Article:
Bamboo: a solution to Ethiopia’s land degradation?
A new initiative in Ethiopia is harnessing bamboo to reverse land degradation and boost local economies. Lessons learned here could benefit communities in Ethiopia – and across Africa.
Bamboo is a powerful ally for restoring degraded landscapes: it regulates and prevents water erosion on slopes and along riverbanks; acts as a windbreak – sheltering natural vegetation and crops; and grows quickly to produce a dense canopy from which leaves fall to the ground throughout the year – mulching soil and enhancing infiltration.
Bamboo could play an important role across the estimated 25 percent of the world’s land surface thought to be highly degraded. This potential is recognized in Ethiopia where the government is using bamboo as a key input into to its Sustainable Land Management Program (SLMP), funded by the World Bank.
Land degradation is a serious problem in Ethiopia – driven by deforestation, the loss of vegetation cover, and growing demand for firewood. In this initiative, Ethiopia’s Ministry of Agriculture and Natural Resources and INBAR are working together to develop bamboo across six pilot watersheds and build the capacity of communities and government agencies on sustainable bamboo development and management – transferring knowledge, planting and forest management skills, and new technologies.
Bamboo is a strategic choice in Ethiopia. The country has ample indigenous bamboo resources – estimated to cover almost 1 million hectares (ha) – and the Ethiopian government has already prioritized the plant’s development, developing a new bamboo strategy and policy for sustainable development. The country also has a fledgling bamboo sector – small-scale enterprises and modest charcoal production that the initiative can build upon.
But, many Ethiopians remain unconvinced about bamboo’s potential. “The area of bamboo is shrinking fast,” says Dr. Jinhe Fu, Team Leader of SLMP’s bamboo program. “There is still low awareness about the many benefits associated with bamboo. People continue to clear the plant for agriculture – and mostly fail to see the economic potential.”
For Dr. Fu the challenge is three-fold: to reverse losses and expand bamboo forest cover through a re-planting program; protect existing forests and increase their biomass through improved forest management strategies; and provide economic opportunities for farmers – helping them tap into the growing global demand for bamboo products.
At the initiative’s core is a south-south partnership that transfers Chinese knowledge and expertise to producers in five Ethiopian states. Trainings and workshops will be delivered to an estimated 3000 farmers – in areas including forest management and harvesting, handicrafts and charcoal production, and harnessing bamboo for construction.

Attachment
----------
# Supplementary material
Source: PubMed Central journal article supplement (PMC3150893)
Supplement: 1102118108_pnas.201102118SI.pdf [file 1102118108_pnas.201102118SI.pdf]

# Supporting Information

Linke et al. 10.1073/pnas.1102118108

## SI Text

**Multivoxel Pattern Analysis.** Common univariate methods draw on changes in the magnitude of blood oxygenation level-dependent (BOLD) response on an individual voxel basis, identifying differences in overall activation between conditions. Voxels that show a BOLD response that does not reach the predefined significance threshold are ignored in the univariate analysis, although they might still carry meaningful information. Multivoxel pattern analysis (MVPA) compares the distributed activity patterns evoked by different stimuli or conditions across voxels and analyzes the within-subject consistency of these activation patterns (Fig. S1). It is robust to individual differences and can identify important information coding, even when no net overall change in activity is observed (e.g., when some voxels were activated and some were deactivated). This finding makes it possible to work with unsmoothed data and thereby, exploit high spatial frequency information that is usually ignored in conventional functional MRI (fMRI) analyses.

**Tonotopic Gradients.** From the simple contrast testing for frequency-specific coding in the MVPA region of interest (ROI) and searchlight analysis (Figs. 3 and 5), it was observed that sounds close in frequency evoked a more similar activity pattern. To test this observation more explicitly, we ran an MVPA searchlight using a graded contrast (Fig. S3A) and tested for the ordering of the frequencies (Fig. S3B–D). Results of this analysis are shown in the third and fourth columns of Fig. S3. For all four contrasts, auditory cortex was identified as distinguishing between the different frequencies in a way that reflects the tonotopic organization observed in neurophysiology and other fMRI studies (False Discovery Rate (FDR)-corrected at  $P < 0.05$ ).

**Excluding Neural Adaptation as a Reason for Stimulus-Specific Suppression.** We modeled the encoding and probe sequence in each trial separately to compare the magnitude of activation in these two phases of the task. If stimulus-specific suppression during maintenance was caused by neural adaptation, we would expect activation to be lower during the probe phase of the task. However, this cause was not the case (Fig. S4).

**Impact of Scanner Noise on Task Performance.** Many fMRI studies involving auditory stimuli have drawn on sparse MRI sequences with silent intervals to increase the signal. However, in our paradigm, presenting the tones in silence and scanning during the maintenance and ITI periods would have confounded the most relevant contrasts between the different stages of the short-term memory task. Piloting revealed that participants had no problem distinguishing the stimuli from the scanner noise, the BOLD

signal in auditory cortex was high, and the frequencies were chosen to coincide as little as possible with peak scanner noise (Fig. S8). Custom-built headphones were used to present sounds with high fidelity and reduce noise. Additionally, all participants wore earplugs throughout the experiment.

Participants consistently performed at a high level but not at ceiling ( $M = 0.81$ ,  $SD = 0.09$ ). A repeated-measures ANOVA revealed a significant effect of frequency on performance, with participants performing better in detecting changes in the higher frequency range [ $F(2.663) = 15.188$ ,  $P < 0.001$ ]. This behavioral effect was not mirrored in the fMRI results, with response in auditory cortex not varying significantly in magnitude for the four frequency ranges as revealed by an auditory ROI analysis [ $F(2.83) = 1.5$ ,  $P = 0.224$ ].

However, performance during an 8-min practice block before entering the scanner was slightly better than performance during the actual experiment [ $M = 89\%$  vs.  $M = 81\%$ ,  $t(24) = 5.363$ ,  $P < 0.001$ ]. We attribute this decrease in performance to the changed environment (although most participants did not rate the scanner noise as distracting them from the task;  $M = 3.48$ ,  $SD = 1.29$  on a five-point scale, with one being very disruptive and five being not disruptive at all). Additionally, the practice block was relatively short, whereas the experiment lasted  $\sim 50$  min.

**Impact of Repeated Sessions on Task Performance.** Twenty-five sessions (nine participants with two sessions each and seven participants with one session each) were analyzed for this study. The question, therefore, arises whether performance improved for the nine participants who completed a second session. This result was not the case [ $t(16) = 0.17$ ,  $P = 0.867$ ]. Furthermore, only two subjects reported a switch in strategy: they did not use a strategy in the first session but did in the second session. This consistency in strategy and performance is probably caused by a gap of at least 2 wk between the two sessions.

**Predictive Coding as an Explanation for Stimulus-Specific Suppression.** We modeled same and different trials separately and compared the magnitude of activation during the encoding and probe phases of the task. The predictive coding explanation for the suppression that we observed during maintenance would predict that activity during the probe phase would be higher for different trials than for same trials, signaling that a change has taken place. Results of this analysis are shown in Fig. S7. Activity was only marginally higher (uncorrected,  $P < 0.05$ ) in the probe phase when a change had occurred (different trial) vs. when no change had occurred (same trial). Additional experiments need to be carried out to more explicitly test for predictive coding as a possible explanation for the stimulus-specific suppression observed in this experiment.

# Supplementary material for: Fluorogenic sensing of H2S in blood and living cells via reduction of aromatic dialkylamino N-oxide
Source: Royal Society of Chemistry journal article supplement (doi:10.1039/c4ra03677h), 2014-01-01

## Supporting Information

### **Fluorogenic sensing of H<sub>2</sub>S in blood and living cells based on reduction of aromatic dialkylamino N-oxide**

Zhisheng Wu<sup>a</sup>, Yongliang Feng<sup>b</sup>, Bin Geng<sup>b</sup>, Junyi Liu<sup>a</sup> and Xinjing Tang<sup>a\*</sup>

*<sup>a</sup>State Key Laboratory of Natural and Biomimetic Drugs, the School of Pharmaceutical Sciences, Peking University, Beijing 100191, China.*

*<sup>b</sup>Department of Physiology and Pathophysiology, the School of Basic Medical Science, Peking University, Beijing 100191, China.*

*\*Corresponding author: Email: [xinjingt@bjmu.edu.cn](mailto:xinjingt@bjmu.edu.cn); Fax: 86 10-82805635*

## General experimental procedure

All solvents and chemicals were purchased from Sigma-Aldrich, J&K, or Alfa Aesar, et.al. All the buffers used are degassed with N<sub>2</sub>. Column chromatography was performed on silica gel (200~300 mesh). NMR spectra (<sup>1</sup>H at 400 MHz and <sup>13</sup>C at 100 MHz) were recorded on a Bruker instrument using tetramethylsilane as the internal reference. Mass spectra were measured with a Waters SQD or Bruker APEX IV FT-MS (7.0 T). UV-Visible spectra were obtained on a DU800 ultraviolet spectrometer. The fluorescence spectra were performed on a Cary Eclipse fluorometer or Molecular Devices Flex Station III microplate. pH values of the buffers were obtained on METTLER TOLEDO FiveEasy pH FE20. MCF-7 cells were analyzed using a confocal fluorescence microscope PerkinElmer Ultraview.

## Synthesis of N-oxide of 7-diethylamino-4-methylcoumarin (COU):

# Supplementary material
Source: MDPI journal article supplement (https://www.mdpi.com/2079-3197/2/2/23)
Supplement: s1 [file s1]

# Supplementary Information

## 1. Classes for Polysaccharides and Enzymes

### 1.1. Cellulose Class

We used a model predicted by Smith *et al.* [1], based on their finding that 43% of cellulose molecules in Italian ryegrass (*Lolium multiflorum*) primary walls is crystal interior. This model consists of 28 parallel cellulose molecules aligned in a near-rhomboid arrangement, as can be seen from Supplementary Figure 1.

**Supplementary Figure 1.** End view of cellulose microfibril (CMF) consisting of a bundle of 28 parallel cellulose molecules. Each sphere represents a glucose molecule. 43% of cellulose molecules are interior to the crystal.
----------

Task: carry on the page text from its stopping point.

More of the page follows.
Farmers will receive training on the use of hand and electronic tools that are needed to process bamboo effectively – helping to shift Ethiopia’s bamboo sector towards the production of high-value export goods rather than the low-value products currently manufactured for the domestic market. Without this shift, bamboo will remain a marginal contributor to the national economy.
This all requires the right enabling environment. “Success will really require a comprehensive approach – so introducing sound policies alongside capacity strengthening efforts and the expansion of bamboo resources,” says Dr. Fu, who will work closely with colleagues at the Ministry of Agriculture and the Ministry of Environment, Forest and Climate Change (MoEFCC), advising them on national strategies and policies – including land tenure, national bamboo afforestation plans, and favorable investment policies to attract investors.
This relationship builds on previous delegations that brought senior Ethiopian policymakers to China where they could witness first-hand the country’s well-developed bamboo sector.
Contributing to Africa’s green economy
Although in its early stages, the initiative is already looking beyond the six pilot sites – successes and lessons learned there could potentially be applied elsewhere to boost bamboo production in other parts of Ethiopia and beyond.
Alongside plans to develop a ‘Sino-Africa Bamboo Centre’ in Ethiopia, the country could therefore become a hub for bamboo development and a key contributor to Africa’s emerging green economy.